Dir. Erik Blomberg
Falling in love and marrying, the wife of a hunter enquires about a ritual to make him fall in love with her even more, hesitant since he is continually out for long periods to hunt. The ritual however leads to disastrous consequences of her continually turning into a white reindeer, which entices hunters to try and catch her, only for her to turn back with fangs and kill them. As people in her village die, slowly it leads to tragedy. The film is not that long, brisk in its running time, and tells this story with immense amount of engagement. The different environment, of the snow covered Finnish lands, adds a freshness to this film, seeing the country's traditional culture through this supernatural tragedy and being able to appreciate it. Erik Blomberg uses the environment to its full advantage too. The village community is very close knit, small, where increasing amounts of death from sinister causes would bring anxiety to them more so, and the vast white landscape is isolating, able to be lost in it or pulled away from other people to die alone within it.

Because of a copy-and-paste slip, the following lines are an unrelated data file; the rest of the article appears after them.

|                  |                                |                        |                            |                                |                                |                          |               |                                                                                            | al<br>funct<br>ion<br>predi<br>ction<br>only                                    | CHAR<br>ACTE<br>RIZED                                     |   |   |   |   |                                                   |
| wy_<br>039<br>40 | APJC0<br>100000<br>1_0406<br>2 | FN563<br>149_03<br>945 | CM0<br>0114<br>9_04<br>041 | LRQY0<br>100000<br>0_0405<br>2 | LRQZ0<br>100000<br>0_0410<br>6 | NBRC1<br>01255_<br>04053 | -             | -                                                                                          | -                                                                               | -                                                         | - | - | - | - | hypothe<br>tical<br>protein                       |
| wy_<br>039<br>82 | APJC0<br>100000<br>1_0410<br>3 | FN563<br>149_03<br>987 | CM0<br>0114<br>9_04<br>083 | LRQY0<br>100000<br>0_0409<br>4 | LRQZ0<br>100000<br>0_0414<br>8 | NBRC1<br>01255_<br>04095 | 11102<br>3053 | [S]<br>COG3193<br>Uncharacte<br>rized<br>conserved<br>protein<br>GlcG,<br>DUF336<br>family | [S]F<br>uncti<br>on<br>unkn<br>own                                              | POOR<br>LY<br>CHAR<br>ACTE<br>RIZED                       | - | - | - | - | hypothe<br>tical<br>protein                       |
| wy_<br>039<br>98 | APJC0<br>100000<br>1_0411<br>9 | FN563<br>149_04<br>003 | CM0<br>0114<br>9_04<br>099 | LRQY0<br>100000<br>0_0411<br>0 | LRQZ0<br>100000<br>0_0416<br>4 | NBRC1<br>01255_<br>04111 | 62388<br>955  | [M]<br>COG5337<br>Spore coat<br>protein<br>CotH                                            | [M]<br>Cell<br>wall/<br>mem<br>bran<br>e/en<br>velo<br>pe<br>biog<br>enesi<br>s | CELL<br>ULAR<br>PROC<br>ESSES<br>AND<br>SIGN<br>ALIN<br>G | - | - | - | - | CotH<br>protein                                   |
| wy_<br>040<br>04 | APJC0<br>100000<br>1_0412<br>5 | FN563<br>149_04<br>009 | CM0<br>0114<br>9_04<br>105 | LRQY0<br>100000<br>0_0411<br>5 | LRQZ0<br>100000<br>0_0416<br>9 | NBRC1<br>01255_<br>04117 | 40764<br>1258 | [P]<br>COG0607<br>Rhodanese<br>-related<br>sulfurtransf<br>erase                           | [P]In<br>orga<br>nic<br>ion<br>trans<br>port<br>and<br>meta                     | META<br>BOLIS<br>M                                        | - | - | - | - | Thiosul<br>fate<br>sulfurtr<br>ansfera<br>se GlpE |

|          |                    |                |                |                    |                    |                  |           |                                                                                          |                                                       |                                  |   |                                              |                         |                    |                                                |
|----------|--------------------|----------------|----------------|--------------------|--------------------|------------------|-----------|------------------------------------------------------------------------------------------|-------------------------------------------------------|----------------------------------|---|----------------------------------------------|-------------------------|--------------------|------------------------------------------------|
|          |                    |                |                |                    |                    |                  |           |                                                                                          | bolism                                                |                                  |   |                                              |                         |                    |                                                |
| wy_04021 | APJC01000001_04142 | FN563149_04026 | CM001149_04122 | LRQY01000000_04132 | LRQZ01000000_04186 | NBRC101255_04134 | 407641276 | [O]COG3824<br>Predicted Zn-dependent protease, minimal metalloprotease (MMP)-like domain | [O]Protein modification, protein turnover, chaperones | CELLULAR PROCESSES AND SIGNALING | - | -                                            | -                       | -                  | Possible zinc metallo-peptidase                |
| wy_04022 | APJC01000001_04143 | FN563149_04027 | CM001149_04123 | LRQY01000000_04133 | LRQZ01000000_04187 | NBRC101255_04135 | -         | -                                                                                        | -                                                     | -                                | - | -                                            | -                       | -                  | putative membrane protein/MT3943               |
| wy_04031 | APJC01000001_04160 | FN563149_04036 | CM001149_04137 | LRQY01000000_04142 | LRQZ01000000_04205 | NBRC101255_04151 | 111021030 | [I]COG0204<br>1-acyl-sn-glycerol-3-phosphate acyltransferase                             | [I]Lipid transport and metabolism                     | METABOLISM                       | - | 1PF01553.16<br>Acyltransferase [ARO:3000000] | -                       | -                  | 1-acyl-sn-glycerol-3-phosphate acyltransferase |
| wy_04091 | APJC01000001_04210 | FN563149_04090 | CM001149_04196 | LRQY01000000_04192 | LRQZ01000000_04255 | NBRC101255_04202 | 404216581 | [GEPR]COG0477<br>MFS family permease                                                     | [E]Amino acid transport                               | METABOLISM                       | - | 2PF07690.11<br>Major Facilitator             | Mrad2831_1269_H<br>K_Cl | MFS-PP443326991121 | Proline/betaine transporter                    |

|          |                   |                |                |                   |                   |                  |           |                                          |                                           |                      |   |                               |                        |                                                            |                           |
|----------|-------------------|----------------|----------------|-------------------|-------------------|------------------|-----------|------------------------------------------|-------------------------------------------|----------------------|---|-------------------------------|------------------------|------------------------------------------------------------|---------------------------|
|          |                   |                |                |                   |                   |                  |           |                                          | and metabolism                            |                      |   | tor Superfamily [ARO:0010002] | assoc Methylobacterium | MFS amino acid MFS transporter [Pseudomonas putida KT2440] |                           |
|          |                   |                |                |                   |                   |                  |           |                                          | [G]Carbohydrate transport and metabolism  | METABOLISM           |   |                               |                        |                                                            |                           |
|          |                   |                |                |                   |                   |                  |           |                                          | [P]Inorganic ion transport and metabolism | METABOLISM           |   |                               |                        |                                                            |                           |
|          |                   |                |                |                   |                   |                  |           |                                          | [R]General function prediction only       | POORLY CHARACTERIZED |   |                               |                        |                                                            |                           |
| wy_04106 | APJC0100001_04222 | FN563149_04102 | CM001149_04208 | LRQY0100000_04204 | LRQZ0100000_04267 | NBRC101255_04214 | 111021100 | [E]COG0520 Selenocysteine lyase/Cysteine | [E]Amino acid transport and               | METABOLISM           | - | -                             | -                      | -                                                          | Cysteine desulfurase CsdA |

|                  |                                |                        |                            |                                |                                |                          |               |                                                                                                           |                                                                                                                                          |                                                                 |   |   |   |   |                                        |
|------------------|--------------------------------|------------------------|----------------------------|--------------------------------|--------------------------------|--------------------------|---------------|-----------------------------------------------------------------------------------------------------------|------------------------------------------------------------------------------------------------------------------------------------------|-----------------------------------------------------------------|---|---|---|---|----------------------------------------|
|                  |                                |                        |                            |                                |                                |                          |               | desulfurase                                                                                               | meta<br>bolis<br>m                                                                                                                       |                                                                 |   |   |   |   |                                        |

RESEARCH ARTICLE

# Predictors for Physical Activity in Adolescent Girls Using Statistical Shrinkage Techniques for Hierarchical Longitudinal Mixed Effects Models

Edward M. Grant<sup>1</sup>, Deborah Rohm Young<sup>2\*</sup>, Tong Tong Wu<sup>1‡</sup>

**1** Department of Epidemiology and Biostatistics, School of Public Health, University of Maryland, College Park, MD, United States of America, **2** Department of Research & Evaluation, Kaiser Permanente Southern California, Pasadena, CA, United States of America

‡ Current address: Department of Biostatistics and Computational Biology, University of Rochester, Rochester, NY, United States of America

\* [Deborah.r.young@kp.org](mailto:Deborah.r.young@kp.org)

Aside from this, it's just an alright film. It's no way near the best take on this idea, of love broken by the curse of bestial transformation, but The White Reindeer is still good. This does actually make it difficult to write a lot about the film because of how small it is, so rigidly concentrated it is on just depicting its story. It could be a flaw of the film that it leaves little space for tangents that stand out, or a flaw in me for being unable to go into more detail about the virtues that are there. Probably the biggest flaw with the film is that it does so well in merely telling the story that it loses out on the potential elaborate artistry that could have made it a great film too. But as the Finnish entry for this series, the obsession with using supernatural and horror cinema to look back on traditional culture and folk law has always revealed itself in films defined by various countries, including my own, and it's very interesting and distinct with the better examples like this. The ominous aspects, the bestial aspects having a physical affect on the heroine's appearance, the shrine she conducted the ritual at littered around with reindeer skulls and bones, mix with the basic aesthetics of the period of the clothes, the everyday activities of the people and the relationships with fascinating effect. You can probably learn more about a country through films like this than other mainstream entertainment or news documentary. The White Reindeer, melancholic and ultimately sad by its end credits, shows a great deal of Finland, even if the film's short and to the point, and makes you wish you could see more.